A SHIP'S CAPTAIN AND SOME OTHERS
"It's no' verra easy makin' oot whit some folk means whan they come intae the shope an' speir for things: a buddy gets a heap o' droll demands frae the public" - an' Mrs Blane went on tae tell about her occasional customers an' the queer things they noo an' then askit for. "It's jist a fortnicht come Tuesday that a muckle stoot man, wi' a rid face an' a blue reefer-jaiket like a ship's captain wi' brass buttons cam in an' askit for a pair o' troosers for a steamboat.
"My, I didna ken whaur tae look, bit the man seemed a daecent-lookin' man, an' sober enough, wi' a printit poaket-naepyin stickin' oot o' his breest-poaket."
"'An' whit did ye say till um?' says Mistress Bardie, the tinsmith's wife, wha oaften lookit in at the shope tae ask if eggs wis droppin' in price.
"'Oh, I jist said that a' the troosers we keepit in stoke micht be barely roomy enough for a rowin'-boat, no' tae speak o' a steamboat, bit the captain-if he wis a captain-wis onything bit pleased, an' stalkit oot the door wi' a winderfu' breenge.
"'But before he gaed oot he turned roond an' glowered at me mair like a wild teegar than a ship's captain, an' said something that I couldna richt mak' oot. It micht 'a been Gallic for something, bit it soondid mair like jam than ony ither word that we can get in a directry. The public's no' easy pitten up wi'; evry shopekeeper kens that, an' that's a fac'. Bit whit can I dae for ye the day, Mistress Bardie?'
"'Oh, jist a happny's worth o' lickery-stick for the bits o' weans; it keeps the weans chow-chowin' a' day, an' it's a fine thing lickery-stick for keepin' awa the appetite noo that preveeshuns has gotten up tae sic an extorbitant feegar. Bit me an' you can ca' the crack whiles yer servin' this wee lassie that's drappit in.'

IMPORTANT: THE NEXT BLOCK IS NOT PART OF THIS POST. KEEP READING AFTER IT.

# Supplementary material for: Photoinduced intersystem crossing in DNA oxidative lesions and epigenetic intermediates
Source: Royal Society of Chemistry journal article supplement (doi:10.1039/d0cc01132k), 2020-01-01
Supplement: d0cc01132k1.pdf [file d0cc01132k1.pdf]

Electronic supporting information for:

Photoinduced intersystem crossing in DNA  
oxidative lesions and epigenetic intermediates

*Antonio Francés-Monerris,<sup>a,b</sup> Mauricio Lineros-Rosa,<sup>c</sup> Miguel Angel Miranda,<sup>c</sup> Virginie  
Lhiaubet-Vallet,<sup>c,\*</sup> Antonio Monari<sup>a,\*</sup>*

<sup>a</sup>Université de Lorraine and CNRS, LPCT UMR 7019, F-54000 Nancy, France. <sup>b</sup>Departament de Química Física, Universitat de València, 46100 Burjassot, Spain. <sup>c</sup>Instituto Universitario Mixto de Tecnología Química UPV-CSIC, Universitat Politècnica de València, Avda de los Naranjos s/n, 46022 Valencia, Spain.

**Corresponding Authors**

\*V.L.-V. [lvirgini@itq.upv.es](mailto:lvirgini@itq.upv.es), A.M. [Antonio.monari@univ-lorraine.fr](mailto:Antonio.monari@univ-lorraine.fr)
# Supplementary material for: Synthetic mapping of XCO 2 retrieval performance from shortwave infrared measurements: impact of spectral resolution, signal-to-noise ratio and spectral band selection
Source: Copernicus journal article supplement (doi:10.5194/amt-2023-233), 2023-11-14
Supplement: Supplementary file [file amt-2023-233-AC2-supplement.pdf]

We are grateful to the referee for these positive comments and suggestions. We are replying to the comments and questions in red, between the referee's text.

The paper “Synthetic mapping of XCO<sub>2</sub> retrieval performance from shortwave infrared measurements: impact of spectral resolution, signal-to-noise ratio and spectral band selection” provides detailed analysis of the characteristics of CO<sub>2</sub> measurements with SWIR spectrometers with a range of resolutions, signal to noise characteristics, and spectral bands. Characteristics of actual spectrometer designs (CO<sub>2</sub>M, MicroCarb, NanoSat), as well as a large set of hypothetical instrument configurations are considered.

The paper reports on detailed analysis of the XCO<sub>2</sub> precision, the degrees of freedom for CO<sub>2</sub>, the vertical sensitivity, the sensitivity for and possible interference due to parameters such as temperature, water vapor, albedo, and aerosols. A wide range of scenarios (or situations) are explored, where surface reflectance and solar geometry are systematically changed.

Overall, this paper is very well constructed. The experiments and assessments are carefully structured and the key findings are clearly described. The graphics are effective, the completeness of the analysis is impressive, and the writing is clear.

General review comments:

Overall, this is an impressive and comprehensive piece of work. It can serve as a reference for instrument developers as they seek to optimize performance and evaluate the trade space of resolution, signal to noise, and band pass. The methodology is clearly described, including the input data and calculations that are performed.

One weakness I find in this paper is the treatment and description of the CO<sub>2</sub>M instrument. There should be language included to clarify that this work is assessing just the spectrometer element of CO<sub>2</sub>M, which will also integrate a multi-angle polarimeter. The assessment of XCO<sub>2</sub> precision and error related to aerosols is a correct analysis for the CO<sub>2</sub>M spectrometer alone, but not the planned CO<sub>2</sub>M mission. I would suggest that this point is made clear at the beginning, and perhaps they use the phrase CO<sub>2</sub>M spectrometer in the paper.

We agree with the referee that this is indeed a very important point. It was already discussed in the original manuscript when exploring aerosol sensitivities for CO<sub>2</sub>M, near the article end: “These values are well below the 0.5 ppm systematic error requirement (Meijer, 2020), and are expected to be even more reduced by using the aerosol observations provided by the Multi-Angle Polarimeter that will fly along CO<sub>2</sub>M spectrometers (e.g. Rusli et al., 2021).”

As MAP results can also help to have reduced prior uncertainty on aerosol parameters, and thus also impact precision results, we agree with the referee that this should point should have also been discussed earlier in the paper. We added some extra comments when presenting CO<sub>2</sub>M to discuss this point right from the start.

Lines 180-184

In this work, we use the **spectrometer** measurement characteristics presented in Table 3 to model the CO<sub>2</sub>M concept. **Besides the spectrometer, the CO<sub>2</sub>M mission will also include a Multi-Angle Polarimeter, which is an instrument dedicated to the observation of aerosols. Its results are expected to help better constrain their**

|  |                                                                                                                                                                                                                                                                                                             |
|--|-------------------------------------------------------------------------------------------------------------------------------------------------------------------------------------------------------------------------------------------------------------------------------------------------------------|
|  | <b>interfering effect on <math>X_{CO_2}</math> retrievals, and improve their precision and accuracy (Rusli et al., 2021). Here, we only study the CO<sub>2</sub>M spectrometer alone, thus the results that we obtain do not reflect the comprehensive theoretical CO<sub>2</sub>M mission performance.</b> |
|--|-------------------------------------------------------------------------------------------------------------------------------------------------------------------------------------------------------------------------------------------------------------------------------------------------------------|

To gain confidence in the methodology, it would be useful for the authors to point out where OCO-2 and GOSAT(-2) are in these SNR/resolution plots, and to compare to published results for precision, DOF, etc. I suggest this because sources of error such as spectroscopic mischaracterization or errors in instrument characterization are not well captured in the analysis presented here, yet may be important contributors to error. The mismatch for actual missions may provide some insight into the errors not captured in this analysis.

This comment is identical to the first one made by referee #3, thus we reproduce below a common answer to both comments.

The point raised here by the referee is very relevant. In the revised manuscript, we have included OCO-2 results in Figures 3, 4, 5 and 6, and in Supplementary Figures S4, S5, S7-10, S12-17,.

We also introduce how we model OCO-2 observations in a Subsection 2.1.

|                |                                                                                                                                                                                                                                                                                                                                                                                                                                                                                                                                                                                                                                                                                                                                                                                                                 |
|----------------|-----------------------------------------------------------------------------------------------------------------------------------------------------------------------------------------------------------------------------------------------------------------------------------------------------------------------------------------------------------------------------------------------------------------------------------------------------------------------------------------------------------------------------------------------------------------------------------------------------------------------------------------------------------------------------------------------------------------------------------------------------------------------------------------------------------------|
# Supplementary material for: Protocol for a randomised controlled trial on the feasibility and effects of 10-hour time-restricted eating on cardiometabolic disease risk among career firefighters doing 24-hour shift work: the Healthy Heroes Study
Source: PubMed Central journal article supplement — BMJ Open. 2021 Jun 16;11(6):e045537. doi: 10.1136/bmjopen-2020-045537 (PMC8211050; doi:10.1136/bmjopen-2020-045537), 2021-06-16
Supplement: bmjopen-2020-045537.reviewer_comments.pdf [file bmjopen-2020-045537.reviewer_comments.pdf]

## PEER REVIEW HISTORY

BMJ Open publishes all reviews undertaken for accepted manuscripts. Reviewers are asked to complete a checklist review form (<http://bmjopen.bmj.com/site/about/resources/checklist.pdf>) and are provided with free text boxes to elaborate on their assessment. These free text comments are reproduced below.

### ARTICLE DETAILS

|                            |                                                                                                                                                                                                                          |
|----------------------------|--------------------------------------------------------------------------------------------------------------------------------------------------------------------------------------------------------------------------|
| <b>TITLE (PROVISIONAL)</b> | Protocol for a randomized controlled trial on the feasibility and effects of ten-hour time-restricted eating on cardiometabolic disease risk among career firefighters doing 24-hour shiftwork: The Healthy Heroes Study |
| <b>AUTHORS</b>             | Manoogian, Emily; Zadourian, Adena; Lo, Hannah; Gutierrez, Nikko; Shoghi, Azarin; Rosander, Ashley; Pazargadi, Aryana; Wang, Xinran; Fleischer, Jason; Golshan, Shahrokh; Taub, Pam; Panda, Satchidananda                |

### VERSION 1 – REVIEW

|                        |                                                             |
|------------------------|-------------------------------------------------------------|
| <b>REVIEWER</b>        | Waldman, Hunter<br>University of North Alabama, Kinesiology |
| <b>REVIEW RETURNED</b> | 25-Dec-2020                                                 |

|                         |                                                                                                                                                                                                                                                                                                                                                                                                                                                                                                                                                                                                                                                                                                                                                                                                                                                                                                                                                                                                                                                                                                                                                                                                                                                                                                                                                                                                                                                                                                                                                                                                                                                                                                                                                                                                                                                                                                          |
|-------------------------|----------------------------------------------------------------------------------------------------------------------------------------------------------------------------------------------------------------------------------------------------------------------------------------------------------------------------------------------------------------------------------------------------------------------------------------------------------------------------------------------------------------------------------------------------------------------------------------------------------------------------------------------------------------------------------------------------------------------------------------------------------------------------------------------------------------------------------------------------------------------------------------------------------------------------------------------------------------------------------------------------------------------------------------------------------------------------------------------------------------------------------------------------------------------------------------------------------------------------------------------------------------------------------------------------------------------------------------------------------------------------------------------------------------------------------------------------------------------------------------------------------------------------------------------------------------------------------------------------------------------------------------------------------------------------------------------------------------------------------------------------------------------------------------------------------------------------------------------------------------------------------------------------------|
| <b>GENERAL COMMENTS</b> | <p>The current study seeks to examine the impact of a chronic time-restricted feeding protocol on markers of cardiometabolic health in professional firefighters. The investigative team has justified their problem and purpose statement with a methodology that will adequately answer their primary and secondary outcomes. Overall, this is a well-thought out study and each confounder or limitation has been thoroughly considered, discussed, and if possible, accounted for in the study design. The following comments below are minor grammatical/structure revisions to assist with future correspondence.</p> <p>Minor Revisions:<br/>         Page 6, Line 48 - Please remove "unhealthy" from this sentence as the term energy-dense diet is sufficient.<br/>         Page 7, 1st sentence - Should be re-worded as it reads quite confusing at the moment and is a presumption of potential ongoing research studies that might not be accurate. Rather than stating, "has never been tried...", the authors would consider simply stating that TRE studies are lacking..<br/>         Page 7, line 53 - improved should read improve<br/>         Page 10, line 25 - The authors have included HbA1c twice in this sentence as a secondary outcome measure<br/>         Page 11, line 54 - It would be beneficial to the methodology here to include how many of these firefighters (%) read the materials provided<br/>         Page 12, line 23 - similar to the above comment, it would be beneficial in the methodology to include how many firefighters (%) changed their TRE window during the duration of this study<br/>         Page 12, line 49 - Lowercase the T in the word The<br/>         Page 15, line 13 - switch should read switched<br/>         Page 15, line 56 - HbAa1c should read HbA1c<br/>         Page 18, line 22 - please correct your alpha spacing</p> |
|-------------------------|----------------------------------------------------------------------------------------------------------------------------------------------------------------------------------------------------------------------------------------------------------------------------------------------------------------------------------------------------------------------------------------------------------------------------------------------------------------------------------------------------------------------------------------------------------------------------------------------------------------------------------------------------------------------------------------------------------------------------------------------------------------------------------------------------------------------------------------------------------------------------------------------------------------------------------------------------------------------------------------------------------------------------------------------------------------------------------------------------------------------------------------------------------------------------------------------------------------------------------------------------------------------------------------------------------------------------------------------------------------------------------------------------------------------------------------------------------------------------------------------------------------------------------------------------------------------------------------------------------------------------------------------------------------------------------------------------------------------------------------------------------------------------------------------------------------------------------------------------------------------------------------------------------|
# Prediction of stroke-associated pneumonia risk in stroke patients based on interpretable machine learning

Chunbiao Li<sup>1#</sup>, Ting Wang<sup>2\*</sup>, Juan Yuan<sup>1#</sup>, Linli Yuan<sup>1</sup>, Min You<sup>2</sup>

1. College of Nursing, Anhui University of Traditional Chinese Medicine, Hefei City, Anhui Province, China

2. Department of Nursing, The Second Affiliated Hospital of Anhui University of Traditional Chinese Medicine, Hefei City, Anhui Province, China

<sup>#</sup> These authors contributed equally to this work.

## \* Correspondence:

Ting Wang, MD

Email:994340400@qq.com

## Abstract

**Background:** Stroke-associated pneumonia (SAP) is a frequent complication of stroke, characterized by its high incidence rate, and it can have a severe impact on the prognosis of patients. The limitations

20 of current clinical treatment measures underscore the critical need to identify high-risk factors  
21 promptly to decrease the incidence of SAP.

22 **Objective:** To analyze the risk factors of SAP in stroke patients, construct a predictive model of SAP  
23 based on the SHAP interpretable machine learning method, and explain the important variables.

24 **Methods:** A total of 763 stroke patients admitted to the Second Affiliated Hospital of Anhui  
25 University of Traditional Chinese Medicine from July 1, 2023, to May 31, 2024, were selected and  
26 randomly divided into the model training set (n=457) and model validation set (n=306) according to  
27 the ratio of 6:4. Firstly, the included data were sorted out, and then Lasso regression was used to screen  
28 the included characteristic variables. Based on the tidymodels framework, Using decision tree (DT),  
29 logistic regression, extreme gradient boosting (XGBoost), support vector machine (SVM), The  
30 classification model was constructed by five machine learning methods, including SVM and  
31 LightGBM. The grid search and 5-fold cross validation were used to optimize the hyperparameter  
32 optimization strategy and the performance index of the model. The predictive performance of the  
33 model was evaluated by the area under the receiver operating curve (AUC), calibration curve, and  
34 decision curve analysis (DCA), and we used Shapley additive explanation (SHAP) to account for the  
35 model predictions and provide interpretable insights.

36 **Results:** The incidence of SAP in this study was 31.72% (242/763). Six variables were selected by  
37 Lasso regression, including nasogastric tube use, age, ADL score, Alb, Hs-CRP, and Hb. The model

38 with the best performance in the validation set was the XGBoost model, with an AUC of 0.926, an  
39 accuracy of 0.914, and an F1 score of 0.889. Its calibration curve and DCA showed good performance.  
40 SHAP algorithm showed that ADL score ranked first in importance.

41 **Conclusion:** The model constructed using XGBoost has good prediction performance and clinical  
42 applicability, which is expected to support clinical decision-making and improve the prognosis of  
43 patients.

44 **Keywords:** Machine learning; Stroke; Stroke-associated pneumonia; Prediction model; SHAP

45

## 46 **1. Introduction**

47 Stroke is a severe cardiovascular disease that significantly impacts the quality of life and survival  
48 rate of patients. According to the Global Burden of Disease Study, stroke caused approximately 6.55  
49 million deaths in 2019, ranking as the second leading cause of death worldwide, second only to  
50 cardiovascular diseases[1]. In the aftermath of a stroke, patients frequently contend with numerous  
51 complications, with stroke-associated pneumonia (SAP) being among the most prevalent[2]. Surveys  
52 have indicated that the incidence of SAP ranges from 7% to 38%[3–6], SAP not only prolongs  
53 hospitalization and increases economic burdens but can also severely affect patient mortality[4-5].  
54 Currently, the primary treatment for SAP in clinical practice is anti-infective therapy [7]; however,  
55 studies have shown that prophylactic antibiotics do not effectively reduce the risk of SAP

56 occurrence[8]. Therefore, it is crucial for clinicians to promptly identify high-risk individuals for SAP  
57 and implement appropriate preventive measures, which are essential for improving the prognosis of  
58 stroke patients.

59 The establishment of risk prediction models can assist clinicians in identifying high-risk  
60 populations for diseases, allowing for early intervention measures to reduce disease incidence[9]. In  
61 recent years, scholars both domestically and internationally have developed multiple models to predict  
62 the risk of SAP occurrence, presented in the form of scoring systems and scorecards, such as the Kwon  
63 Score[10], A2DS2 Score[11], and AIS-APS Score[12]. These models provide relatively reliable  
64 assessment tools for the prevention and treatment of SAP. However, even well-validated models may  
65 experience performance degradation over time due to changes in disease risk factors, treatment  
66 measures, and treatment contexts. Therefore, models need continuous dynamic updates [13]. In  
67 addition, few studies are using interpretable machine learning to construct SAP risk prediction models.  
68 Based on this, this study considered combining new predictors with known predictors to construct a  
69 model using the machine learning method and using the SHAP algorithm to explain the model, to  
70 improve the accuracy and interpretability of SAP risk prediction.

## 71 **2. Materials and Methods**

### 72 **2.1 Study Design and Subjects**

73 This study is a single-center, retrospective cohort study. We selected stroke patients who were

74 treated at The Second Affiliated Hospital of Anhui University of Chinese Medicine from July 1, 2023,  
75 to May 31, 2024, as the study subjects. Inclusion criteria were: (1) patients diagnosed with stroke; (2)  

"'Weel, ma bonnie wee hen,' I says, 'an' whit are ye sayin' tilt this mornin'? Wis it a wee doal ye wid like tae buy? Here's a nice rid-cheekit yin wi' bits o' claes that comes aff an' on, an' it shuts its blue een whan ye haud it flet like this, dae ye see?
"'An' did ye ever see ony een mair like the leevin' doals that their mithers sings tae in their creddles? An' wid ye no' jist like tae kiss that sweet wee mooth that's jist the colour o' the ripe aipples in yer maw's gairden?'
"'No,' says the wee lassie. 'It wisnae a doal I wis tae buy, bit I'll tell ma maw that I saw wan that could shut an' open its een jist like wee Betty. Ma maw sent me tae see if ye hiv ony black men's ties,' says the wee lassie, aye lookin' at the doal.
"'An' whit kind div they weer?' I says. 'Ye're no' verra shair are ye no'? Weel, jist ask yer maw whan ye gang hame. Bit ony black man I ever saw in picturs or ever heard tell o' didna weer collars, no' tae speak o' ties.'
"'But maybe,' says Mistress Bardie, 'whit the wee lassie is askin' for is a black tie for a white man. But it could hardly be that aythers. I widna winder if it'll no' be a white tie for a black man that her maw's lookin' for. It's jist like a dream tae me that I've come across a black man wi' a white tie.'
"'Weel, ma wee lassie,' I says, 'jist tell yer maw that I'm verra soary no' to hiv ony kin' o' ties unless some weel-knitted wursit grawvats, that can go fower times roond onybuddy's neck, whether it's black or white. An' that's a conseederation whan ye hivna a coaler tae pit on.
"'An' tell yer maw,' says I, 'that a knittet grawvat wid be faur mair comfortabler than a string o' beads on a cauld nicht, for they say that it can be cauld in places whaur black men leeves as weel as warm.'
"'I'll tell ma maw,' says the wee lassie. 'Bit I wis tae ask whit's the price o' the wurstit stoakins that ye can weer for fifteen year rinnin'.'